Empowering communities and enabling inclusive growth:
Our focus on Gender

One in three small and medium enterprises are owned by women. Why aren’t they getting their fair share of government contracts?

Women are excelling in business. According to the World Bank, women-owned small and medium enterprises (SMEs) contribute 20% to the global gross domestic product.  Despite the growth of women’s entrepreneurship, the number of businesses getting government contracts is much lower. Women-owned companies get only 5% of federal contracts in the US. In Albania, women-run 27% of all businesses but only a tiny 5% of companies awarded municipal contracts.

This just isn’t good enough. Women’s participation in public procurement as users, planners, and suppliers is critical for the creation and monitoring of effective public services. Boosting women’s businesses can create jobs, and inject the market with new ideas and competition.

Lack of access to information on bids, understanding complex procedures and bias can create barriers for women entrepreneurs. We must also take into account the different factors which may render policies less effective for further marginalized groups, such as women of color and/or with disabilities.

Governments must

  1. Monitor gender-disaggregated procurement data: This could be done by applying the Open Contracting Global Principles and Data Standard to monitor competition and gaps, quality of implementation, and understanding and addressing complaints of structural discrimination.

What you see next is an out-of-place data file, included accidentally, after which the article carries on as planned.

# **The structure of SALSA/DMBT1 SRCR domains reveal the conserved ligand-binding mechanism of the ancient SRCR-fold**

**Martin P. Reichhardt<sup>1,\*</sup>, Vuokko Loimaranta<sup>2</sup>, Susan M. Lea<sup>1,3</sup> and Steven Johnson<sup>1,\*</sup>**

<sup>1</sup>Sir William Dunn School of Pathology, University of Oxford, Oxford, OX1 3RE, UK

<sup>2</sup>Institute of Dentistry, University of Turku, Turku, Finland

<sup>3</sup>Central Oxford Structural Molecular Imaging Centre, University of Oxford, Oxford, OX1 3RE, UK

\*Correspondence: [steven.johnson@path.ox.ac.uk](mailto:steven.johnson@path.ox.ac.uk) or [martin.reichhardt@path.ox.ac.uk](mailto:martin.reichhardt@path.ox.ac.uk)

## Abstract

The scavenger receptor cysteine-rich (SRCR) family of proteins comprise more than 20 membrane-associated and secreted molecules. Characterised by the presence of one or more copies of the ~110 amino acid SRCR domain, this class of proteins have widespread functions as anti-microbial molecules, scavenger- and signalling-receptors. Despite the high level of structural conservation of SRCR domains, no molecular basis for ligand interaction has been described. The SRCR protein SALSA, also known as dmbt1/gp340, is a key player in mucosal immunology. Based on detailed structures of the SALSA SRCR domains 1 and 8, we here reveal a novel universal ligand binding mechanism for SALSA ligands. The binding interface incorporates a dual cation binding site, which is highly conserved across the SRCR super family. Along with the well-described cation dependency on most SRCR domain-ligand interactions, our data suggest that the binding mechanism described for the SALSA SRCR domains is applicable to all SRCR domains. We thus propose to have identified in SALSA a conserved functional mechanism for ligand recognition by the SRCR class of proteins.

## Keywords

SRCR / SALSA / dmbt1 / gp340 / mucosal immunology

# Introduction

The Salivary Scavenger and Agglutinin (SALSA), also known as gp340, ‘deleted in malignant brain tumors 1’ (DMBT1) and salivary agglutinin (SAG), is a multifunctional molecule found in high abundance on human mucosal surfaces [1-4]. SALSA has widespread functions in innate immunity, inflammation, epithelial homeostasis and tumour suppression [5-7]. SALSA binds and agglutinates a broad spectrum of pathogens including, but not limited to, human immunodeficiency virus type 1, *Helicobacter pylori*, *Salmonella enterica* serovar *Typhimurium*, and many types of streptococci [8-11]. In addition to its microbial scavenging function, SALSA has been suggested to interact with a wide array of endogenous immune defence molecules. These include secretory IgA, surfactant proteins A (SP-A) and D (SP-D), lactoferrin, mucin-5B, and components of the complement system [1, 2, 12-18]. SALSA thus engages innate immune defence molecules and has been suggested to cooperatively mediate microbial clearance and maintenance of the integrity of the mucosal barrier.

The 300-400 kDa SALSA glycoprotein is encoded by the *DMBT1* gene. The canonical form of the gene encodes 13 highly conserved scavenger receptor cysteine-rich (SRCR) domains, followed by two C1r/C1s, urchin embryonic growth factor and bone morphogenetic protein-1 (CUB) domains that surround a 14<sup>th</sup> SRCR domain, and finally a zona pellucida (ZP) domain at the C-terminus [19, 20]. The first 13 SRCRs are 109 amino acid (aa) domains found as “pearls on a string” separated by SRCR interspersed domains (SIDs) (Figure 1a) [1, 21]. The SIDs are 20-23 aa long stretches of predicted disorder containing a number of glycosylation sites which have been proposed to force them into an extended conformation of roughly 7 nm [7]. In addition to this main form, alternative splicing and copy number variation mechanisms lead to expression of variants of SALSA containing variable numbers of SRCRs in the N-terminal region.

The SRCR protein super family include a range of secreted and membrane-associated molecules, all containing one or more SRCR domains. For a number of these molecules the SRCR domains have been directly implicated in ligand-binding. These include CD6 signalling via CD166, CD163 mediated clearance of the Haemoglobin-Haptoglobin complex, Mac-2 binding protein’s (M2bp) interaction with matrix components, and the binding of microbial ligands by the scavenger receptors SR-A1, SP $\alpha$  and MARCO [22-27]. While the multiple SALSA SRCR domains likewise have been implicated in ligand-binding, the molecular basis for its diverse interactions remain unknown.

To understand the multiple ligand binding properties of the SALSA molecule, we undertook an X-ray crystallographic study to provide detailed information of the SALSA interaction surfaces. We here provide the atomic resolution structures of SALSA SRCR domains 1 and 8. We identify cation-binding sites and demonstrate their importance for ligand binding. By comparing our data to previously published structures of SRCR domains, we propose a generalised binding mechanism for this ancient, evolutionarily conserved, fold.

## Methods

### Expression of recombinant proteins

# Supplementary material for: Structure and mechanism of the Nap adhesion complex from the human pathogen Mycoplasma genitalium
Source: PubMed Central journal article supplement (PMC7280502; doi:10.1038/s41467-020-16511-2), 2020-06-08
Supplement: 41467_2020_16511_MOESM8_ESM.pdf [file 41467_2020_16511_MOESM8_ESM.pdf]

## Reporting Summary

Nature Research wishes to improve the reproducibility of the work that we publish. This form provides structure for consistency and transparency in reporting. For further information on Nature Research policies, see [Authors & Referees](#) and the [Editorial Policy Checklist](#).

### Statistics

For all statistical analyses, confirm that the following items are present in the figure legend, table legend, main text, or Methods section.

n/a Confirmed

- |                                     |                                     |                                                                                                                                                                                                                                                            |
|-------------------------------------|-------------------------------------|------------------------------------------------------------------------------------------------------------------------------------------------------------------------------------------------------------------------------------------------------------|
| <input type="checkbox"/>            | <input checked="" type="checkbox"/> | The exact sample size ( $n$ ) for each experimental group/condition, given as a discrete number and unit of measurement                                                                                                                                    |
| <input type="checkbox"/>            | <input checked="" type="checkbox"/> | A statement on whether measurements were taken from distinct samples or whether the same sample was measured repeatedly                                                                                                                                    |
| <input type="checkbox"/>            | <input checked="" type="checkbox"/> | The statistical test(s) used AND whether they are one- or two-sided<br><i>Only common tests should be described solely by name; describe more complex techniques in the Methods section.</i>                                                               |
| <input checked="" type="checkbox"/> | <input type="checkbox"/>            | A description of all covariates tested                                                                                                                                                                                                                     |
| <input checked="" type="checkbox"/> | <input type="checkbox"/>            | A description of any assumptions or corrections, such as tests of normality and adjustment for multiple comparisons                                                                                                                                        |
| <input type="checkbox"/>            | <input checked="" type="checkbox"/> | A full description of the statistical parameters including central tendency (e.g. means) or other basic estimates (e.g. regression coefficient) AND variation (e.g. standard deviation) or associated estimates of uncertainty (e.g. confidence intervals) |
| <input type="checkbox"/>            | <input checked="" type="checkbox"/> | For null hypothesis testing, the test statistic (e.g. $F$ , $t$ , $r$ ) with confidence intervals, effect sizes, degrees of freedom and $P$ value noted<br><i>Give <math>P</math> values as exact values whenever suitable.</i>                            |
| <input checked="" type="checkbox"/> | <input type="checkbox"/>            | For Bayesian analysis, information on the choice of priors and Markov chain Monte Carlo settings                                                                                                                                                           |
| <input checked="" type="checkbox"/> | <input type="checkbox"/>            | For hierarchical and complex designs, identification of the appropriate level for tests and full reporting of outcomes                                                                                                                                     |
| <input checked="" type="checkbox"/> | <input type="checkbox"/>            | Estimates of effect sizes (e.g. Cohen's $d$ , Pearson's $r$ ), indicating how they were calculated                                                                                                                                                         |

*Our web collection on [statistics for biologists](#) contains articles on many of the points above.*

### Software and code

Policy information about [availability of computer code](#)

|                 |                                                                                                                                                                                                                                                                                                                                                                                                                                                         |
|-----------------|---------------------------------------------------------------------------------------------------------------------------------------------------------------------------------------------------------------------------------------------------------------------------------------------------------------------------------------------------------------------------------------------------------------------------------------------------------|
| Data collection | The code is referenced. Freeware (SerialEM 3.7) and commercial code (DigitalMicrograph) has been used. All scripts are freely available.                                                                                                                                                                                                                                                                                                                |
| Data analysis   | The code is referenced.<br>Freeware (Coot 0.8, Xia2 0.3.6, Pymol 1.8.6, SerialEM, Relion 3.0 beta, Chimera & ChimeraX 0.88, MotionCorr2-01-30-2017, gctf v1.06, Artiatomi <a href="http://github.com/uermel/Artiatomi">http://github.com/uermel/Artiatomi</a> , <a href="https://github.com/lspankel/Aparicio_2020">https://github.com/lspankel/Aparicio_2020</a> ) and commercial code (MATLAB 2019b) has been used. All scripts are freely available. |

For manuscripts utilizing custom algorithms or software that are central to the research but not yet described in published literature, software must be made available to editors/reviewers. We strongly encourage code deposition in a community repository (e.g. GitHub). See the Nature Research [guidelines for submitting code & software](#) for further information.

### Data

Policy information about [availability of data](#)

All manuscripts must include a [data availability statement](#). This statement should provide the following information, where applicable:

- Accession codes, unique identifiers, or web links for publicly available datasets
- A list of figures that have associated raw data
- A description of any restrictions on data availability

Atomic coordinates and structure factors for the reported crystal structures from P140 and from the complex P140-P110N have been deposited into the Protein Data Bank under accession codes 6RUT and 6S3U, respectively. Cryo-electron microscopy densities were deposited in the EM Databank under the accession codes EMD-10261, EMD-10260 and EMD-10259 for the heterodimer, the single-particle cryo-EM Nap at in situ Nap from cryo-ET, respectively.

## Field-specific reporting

2. Increase women-owned suppliers winning government contracts: By proactively seeking out and engaging women-owned business groups, establishing a fair complaint and redress procedure and simplifying contracts to reduce preparation time for tenders, authorities can open opportunities for women-owned suppliers.
  3. Plan for gender-responsive procurement: An integrated gender-responsive procurement strategy will ensure that the goods and services procured take into account how they impact women, often the poorest and most vulnerable group in society.
  4. Tackle gendered corruption through gender-responsive anti-corruption policies: Recognizing the gendered aspects to corruption from sextortion to modern slavery in the supply chain and creating measures to both prevent and prosecute will help mitigate risks.

Projects and partners

In 2021, we are launching a new project with the Africa Freedom of Information Centre (Uganda) and the Institute for Social Accountability (Kenya) to explore the effectiveness of gender responsive procurement policies in Ethiopia, Kenya, Uganda, Rwanda and Tanzania over the course of two years. The project is supported by the International Development Research Council (Canada), the Gates Foundation and the Hewlett Foundation.

Contact our experts

Lindsey Marchessault,
Director, Data and Engagement